by Chris Lingebach

WASHINGTON (CBSDC) — Ryan Zimmerman can begin inching back into the game of baseball, after the latest batch of X-rays on his injured right thumb granted him approval to resume regular baseball activities.

While the team hasn’t given any indication of an exact return date, it does appear him filling in for Bryce Harper in left field is becoming an increasingly realistic option for Zimmerman, who has never before played in a Major League outfield.

Jon Heyman reported Wednesday afternoon the Nationals have been formulating a plan to rotate the 29-year-old slugger between third base, first and left field upon his return, in an effort to better ensure his bat remains in the lineup.

Team general manager Mike Rizzo, who wouldn’t directly admit to such a plan in an interview with 106.7 The Fan’s Grant Paulsen and Danny Rouhier on Wednesday, did allude to the possibility of Zimmerman spending some real time in left, further stoking the rumors which have been circulating for weeks.

“In the field, we’re going to see where he can contribute the most until Harper gets back and we have our full complement of everyday players, where he fits in best that gives us as many offensive weapons in the lineup as possible,” Rizzo said.

When asked if it was reasonable to deduce that could entail Zimmerman playing in left, Rizzo responded, “I’ve seen him run around out there. He looks pretty darn good out there for me, and a guy with his athletic ability can play anywhere on the field.”

“I scouted him as a shortstop at University of Virginia, and there was talk at draft time that this guy could play shortstop if he had to,” he said. “We all know he’s a Gold Glove-caliber third baseman, he’s taken balls at first base, he’s taken fly balls in the outfield. He’s a guy who can play anywhere, and more importantly, is willing to do anything and play anywhere, and do anything he has to do to help us win games, and that’s a huge statement from a veteran player with the caliber of Ryan Zimmerman.”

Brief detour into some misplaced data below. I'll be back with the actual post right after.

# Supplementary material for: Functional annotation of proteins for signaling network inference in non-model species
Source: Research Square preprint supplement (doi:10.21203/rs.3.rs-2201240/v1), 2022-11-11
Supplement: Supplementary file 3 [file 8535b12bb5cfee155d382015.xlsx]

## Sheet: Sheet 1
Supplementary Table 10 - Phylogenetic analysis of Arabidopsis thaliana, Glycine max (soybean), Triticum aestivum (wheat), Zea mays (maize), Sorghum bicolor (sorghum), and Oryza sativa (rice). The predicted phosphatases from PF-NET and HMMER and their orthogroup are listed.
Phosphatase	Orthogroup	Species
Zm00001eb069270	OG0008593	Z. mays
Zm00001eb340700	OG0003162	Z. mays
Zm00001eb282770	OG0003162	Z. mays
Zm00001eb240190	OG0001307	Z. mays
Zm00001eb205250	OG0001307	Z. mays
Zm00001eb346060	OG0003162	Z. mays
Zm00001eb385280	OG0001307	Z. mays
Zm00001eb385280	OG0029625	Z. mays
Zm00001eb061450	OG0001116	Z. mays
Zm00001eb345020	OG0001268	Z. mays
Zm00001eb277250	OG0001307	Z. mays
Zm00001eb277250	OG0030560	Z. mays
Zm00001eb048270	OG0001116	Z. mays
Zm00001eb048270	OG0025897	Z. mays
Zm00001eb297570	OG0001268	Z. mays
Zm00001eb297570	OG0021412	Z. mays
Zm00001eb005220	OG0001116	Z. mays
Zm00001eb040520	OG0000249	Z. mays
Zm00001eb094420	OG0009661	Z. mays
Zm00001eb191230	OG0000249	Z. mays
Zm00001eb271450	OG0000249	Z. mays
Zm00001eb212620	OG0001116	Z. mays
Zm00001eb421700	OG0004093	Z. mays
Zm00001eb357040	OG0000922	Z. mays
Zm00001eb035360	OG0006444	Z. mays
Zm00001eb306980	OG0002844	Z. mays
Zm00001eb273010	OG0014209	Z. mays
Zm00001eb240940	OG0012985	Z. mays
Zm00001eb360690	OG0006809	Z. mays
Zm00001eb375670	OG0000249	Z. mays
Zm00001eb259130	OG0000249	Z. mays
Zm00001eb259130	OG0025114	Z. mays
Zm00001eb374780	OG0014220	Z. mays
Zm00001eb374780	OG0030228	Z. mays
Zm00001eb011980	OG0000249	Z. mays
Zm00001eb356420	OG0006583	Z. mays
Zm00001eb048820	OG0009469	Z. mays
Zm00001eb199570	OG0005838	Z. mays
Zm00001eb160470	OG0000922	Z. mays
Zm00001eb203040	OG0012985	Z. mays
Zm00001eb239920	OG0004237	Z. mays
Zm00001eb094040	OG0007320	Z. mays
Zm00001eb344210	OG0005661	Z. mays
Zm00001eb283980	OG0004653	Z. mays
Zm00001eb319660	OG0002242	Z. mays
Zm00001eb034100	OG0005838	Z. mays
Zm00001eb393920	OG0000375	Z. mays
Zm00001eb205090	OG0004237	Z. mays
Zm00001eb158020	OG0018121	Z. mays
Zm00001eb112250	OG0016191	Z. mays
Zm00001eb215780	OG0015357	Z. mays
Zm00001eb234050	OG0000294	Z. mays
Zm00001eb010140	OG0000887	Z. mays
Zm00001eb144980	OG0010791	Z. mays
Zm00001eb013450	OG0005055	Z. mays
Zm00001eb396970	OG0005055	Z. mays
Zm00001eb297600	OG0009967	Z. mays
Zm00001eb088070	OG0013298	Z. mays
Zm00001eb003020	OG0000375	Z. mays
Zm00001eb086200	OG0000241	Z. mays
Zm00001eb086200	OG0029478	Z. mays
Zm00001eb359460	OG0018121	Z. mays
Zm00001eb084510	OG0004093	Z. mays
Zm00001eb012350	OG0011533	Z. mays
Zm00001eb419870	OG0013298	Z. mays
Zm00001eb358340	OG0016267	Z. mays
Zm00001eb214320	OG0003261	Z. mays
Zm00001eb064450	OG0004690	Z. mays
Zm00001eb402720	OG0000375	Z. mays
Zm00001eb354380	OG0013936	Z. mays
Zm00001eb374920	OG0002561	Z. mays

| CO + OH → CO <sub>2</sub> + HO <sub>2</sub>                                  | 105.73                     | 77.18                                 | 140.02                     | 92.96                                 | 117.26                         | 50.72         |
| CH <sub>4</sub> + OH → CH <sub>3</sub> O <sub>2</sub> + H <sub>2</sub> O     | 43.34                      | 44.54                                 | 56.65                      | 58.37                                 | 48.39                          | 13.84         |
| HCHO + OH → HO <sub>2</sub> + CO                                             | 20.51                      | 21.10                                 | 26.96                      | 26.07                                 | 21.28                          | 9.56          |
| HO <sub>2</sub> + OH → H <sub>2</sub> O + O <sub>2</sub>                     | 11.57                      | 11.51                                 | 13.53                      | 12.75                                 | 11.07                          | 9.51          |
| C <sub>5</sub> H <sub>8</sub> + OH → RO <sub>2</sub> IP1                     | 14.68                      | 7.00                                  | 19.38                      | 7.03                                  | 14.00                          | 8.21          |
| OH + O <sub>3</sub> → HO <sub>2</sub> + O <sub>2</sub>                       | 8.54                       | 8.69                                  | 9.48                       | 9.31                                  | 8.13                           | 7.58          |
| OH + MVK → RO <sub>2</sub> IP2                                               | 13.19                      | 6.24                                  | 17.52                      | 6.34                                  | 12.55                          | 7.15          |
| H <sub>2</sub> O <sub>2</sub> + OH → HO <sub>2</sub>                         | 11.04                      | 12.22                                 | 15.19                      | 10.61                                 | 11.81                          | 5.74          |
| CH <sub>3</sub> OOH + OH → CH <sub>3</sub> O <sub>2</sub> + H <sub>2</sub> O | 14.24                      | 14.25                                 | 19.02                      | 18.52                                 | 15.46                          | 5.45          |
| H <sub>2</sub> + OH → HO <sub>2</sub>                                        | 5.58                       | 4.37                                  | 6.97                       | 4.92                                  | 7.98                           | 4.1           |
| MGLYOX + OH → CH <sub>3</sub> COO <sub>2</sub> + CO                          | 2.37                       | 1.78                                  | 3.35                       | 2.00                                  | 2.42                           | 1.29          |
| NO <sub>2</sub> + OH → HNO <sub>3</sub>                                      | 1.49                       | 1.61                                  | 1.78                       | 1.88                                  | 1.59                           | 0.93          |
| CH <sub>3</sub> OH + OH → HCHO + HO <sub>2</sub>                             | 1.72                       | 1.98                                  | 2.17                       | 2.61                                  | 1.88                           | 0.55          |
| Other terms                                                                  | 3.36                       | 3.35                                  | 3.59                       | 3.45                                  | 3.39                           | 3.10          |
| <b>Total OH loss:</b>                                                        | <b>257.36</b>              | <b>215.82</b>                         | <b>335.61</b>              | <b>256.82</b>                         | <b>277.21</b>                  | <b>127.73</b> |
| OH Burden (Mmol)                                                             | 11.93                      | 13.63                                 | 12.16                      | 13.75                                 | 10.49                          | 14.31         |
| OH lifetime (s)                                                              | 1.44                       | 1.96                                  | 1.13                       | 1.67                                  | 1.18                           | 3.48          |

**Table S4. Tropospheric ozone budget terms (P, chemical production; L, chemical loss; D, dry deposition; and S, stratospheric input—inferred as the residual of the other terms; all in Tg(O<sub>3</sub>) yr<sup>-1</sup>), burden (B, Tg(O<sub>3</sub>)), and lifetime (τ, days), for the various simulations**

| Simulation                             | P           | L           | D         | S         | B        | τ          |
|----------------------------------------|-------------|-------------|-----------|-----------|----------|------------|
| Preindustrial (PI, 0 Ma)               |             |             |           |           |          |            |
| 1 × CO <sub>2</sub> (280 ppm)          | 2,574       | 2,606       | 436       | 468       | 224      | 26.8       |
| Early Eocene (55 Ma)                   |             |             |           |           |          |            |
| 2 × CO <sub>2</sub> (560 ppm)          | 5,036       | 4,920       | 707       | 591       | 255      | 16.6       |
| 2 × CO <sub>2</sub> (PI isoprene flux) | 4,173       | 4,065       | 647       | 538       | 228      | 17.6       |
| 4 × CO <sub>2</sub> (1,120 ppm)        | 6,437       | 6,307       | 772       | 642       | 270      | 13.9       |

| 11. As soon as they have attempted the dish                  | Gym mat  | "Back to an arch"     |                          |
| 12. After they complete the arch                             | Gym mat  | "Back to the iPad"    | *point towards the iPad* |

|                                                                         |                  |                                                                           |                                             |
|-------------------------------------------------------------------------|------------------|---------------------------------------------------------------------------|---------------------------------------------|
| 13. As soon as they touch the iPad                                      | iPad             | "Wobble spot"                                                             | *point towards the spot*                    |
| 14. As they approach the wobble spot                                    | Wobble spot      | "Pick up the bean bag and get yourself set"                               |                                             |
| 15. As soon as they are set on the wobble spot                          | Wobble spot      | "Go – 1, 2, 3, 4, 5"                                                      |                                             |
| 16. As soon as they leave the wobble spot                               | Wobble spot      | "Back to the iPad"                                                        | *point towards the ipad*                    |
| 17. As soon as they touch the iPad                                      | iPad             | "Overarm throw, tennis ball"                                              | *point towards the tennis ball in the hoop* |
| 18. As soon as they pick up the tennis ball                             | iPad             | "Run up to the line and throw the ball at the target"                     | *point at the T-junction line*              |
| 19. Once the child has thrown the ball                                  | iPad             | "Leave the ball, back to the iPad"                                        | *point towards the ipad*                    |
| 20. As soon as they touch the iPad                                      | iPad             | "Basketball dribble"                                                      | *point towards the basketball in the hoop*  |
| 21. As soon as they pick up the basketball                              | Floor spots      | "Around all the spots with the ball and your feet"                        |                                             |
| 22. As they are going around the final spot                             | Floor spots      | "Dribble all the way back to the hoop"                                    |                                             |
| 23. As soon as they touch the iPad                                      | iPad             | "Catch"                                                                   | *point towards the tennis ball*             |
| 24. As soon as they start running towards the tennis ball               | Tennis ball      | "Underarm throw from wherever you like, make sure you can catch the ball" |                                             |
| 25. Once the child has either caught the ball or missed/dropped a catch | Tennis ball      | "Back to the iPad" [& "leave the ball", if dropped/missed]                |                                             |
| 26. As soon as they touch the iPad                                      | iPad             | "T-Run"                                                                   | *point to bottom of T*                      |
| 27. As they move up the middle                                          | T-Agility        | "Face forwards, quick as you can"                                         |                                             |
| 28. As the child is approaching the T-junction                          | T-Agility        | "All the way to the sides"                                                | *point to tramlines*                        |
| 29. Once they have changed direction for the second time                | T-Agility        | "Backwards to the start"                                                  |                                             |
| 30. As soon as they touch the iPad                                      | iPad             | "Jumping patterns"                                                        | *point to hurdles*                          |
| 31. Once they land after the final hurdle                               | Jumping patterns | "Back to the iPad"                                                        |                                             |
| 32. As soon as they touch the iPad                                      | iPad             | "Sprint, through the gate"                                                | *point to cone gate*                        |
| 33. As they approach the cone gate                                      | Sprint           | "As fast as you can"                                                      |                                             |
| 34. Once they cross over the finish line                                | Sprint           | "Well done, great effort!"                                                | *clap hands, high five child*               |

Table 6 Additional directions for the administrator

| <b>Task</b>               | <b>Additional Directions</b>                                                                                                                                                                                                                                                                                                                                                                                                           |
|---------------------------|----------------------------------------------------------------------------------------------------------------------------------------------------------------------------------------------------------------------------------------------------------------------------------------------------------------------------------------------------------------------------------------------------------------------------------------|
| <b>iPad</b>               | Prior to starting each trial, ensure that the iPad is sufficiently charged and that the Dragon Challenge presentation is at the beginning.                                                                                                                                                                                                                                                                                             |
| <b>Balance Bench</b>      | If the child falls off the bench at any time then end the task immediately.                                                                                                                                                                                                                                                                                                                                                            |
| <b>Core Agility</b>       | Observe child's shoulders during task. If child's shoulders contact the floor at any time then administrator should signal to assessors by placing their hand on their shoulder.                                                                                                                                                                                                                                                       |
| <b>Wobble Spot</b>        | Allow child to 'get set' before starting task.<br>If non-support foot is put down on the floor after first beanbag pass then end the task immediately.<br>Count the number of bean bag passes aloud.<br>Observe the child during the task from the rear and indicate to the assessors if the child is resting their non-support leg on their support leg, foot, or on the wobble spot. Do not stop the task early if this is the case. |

Zimmerman, however, has had his ability to play third base soundly hampered over the last two years due to chronic shoulder issues.

How would making longer throws from the outfield serve to alleviate those shoulder issues?

Rizzo had an answer to that.

“Well, we’ve seen him doing some long toss from the outfield,” he said. “In the outfield it’s much more of a overhand arm slot to get the carry on the ball. It could stretch his arm out and actually help him when he goes back to third base, but we just have to make sure his arm is right; he hasn’t thrown for a long time because of the thumb, so he’s getting back into shape there. Physically he looks tremendous.”


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